Currently, Chilean environmental NGOs are also aiming for a change at the highest level of national governance. A referendum on a change to a new constitution, originally planned in April but delayed due to COVID-19, will take place on October 25, 2020. Civil society will intend to include glacier protection and water access in the new text. Although Chile transitioned to democracy in 1990, the majority of the current constitution dates back from the military dictatorship of Augusto Pinochet, established by the US-backed coup d’état in 1973.
Glaciares Chilenos and other NGOs have joined the larger social protest that has shaken Chile since October 2019 to give Chileans discretion on how their land is managed. Originally sparked by an increase in the metro fare in Santiago, upheavals reflect public disagreement with the neoliberal system that is still in place, even after the end of the dictatorship. Amongst other issues, the de-Chilenization of mining to the benefit of transnational firms like Barrick Gold is a controversial issue.
Glaciers receive little attention in public discourse on natural resources simply because they are rather absent from Chileans’ everyday life. Even though Chile’s mountain range stretches from North to South, the distance from Paris to Beirut, “people are not familiar with snow,” Borquez told GlacierHub. The Chilean Andes are higher and less accessible than in neighboring countries like Peru. As a result, mountain activities “require money and access to a car,” she added.
This logistical issue adds to the fact that water and water sources in Chile are privately owned. Therefore, “access to mountains is not guaranteed by law, unlike beaches or lakes,” Eyal Levy Grass, an industrial engineer and Andean climber, told GlacierHub. This rule dates back to the 1981 Código de Aguas, a law created under Pinochet’s military dictatorship that gave absolute usage and usufructuary rights to private holders of water rights. The policy has caused citizens to further distance themselves from mountain regions over the past 40 years, Pinedo told GlacierHub. Consequently, the topic of glacier management has largely shifted to the private sphere.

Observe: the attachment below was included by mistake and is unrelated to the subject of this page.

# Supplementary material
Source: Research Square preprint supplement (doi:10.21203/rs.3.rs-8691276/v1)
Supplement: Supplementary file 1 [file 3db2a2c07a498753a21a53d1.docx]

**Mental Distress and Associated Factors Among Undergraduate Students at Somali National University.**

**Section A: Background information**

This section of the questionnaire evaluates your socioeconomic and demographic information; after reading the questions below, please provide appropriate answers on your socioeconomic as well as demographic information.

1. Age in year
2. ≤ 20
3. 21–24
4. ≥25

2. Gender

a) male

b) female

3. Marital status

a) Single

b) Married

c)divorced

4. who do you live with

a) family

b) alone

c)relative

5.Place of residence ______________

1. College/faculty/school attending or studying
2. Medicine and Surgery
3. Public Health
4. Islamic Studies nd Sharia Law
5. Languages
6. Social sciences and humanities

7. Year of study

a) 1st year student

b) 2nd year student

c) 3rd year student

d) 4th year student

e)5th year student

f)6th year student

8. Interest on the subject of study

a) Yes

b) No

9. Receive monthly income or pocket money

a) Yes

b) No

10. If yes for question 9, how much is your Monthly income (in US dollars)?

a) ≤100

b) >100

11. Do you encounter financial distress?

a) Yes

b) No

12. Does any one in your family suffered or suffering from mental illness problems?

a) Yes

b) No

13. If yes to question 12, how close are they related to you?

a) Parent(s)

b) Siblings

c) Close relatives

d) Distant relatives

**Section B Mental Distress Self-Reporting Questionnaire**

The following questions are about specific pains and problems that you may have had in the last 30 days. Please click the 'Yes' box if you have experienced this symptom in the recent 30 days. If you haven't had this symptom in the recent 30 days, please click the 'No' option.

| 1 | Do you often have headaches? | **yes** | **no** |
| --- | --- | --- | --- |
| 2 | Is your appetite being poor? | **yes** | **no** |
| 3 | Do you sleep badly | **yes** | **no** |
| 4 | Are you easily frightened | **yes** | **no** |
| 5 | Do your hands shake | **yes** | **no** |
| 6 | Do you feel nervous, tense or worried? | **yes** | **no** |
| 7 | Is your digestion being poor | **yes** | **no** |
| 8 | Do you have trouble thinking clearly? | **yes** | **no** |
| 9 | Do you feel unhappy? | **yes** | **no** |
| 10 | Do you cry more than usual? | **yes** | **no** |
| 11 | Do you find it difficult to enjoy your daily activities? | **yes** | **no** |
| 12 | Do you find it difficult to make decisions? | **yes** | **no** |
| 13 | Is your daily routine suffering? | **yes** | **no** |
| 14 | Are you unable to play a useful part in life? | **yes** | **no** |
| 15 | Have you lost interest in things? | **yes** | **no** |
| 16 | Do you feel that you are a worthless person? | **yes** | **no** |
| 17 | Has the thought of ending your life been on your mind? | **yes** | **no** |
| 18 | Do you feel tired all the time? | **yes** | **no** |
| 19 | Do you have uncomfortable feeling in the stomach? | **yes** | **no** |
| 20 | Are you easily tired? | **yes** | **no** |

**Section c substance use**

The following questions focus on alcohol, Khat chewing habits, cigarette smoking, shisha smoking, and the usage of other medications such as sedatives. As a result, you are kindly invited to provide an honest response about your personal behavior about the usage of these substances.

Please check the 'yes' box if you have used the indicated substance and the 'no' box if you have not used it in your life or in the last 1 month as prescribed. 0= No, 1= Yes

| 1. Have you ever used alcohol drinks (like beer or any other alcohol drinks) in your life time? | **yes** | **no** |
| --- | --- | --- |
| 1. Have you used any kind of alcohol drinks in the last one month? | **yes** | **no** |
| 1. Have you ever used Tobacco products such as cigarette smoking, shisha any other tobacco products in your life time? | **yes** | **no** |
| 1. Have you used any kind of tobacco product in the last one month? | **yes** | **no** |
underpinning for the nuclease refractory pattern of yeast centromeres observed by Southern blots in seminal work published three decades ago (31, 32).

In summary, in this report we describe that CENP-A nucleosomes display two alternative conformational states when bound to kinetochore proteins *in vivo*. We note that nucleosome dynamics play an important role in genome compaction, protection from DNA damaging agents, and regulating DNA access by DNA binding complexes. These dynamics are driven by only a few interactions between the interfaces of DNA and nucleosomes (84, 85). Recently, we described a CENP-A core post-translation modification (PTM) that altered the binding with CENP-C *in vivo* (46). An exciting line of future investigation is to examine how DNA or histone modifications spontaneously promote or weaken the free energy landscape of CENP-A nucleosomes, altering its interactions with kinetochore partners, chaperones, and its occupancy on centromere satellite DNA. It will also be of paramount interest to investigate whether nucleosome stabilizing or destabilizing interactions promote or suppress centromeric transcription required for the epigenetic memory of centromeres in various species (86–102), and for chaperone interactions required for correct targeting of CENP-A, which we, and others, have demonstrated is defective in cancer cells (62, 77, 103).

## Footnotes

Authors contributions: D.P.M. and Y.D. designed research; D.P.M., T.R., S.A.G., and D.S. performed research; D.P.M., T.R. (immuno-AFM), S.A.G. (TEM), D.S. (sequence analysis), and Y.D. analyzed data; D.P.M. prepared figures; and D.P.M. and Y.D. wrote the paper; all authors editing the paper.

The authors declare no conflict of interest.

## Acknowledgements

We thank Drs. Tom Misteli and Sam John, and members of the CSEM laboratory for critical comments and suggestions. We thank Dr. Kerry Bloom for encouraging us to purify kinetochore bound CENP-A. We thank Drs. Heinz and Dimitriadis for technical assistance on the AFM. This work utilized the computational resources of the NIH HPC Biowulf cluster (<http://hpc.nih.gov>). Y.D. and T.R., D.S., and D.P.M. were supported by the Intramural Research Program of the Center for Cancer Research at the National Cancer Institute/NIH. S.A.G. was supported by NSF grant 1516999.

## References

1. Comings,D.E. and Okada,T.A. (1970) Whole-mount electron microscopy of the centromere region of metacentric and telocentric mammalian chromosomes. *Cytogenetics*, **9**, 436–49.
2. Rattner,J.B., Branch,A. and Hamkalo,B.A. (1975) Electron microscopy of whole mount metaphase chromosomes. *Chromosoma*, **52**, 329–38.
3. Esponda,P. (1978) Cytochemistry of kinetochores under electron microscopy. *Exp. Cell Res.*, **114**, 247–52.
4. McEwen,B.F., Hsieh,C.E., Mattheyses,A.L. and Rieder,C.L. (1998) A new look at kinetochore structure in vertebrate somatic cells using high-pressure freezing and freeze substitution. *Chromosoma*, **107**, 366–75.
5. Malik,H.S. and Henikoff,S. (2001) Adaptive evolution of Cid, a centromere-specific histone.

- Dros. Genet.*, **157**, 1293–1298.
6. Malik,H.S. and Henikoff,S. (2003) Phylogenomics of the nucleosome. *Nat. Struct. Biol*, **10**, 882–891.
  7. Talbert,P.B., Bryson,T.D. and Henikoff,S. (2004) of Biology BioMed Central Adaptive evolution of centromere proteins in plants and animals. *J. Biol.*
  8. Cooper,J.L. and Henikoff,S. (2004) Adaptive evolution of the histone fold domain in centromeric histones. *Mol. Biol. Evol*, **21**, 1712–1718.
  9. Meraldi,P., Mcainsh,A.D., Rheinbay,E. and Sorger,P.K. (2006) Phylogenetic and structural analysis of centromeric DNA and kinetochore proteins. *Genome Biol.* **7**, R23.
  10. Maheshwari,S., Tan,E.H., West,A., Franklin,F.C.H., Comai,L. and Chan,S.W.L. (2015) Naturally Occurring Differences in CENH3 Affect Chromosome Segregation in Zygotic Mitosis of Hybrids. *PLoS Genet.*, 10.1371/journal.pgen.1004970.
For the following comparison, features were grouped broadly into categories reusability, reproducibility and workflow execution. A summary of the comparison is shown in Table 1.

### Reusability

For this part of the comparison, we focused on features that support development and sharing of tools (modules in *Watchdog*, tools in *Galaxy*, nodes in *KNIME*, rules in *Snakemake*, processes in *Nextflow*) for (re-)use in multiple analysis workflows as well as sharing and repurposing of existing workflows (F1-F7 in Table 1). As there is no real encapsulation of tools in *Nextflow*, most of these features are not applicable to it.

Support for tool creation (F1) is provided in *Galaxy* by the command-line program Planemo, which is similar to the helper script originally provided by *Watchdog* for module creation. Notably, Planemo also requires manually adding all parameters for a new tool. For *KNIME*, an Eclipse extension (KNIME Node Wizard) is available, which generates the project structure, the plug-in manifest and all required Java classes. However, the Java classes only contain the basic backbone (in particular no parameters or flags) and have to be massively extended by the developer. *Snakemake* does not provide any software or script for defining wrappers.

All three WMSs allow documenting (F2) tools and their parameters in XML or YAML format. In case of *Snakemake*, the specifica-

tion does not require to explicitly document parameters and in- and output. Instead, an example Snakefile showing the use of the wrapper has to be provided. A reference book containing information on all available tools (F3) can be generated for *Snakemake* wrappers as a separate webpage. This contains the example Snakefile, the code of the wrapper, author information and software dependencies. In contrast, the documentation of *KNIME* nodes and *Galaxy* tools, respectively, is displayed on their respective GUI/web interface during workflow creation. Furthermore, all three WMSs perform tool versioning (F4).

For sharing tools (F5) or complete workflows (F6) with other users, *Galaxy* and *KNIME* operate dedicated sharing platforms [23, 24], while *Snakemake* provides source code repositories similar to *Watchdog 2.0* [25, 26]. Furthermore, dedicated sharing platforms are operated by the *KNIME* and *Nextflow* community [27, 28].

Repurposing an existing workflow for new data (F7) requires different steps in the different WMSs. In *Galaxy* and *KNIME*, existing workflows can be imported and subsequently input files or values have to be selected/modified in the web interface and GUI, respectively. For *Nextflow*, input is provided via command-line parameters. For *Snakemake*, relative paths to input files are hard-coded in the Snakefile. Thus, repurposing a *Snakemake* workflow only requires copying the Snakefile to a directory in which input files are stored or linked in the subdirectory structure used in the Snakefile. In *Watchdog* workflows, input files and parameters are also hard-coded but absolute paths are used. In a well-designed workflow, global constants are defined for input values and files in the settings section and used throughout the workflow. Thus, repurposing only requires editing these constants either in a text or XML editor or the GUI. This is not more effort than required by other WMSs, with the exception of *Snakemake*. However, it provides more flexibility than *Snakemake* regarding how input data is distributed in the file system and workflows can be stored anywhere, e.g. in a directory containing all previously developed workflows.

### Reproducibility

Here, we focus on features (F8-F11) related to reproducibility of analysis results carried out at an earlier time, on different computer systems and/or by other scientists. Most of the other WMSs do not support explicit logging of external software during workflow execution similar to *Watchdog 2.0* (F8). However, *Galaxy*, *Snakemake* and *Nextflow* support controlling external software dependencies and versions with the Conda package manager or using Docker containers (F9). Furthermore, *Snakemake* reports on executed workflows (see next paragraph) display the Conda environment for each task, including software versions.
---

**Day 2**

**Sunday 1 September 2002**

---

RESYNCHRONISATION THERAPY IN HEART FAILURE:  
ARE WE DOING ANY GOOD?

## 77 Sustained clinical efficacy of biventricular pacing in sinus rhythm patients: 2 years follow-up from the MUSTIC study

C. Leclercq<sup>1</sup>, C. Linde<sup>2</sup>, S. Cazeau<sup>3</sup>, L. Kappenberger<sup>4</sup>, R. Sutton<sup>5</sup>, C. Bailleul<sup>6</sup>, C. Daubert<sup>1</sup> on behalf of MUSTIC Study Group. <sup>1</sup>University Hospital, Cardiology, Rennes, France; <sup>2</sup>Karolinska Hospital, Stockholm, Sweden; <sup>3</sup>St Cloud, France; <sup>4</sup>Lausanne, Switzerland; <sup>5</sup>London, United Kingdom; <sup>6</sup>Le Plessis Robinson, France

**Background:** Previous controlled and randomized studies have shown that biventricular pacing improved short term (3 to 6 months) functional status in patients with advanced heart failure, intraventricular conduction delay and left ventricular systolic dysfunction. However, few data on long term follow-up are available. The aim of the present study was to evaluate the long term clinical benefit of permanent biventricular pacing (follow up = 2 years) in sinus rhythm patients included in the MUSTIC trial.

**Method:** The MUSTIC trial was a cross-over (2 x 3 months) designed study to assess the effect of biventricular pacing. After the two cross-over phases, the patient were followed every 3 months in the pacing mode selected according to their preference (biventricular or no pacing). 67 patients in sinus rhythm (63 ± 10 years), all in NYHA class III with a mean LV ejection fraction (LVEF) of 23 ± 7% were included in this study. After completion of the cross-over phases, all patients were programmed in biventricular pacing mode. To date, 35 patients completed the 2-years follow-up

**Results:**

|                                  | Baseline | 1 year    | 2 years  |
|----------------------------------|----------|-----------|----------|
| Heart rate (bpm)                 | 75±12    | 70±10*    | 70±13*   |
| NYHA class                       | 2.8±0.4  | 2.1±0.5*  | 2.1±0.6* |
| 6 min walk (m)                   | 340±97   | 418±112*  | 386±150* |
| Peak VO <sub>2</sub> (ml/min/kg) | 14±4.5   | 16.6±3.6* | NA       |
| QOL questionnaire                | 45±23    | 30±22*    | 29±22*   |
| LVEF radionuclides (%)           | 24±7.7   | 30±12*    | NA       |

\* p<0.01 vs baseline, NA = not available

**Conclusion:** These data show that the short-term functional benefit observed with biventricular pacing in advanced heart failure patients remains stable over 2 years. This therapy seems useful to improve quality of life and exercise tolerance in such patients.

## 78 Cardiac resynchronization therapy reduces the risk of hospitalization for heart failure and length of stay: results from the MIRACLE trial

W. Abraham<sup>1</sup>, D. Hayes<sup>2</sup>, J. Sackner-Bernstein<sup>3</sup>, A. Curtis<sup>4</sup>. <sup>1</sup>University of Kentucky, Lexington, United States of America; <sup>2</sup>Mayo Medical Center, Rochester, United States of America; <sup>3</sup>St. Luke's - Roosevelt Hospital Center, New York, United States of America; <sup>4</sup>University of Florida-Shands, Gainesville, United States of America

¿Sabes cómo es la #proteccióndeglaciares en #sudamérica?#Argentina y #Ecuador y sus avances concretos: la #Ley N° 26.639 de protección de los glaciares de la República Argentina y la #Constitución de la República del Ecuador.
— Fundación Glaciares Chilenos (@glaciares_ong) July 13, 2020
In terms of glacier protection, “Chile is truly a different case than its neighbors,” Espinosa told GlacierHub. Despite facing similar resistance from the mining industry, Argentina has had glacier protection laws for over a decade. The context is also different because “Argentina has had large immigration from countries with a strong mountain culture, like Switzerland or Italy,” Borquez told GlacierHub. Ecuador’s constitution is nicknamed “constitución ecológica” (ecological constitution), Espinosa told GlacierHub. Among other requirements, it introduces a mandatory consultation of Indigenous people before any project of exploitation of non-renewable resources. According to Pinedo, Chile’s lack of comparable legislation is largely because “Chileans are unaware of the environment in which they live.”
In comparison to Peru, “the spiritual cosmology that links Indigenous cultures to glaciers has largely been lost in Chile,” he added. This is another cultural wound of Pinochet’s dictatorship, which severely repressed Indigenous people. “We now only account for about 11 percent of the total population,” Borquez told GlacierHub.
All in all, “our NGO does a lot,” Espinosa told GlacierHub. “But there is still a long way to go,” he added. What he is most impressed by is the altruistic nature of the people on his team. All of them, including himself, are volunteers. They accomplish an impressive array of tasks, ranging from educational, legal, to scientific. Will this suffice to fill the gap between glaciers, law, and society in Chile? While nothing is guaranteed, it is quite remarkable how the NGO and the broader Chilean civil society have self-organized to gain ownership of their lands.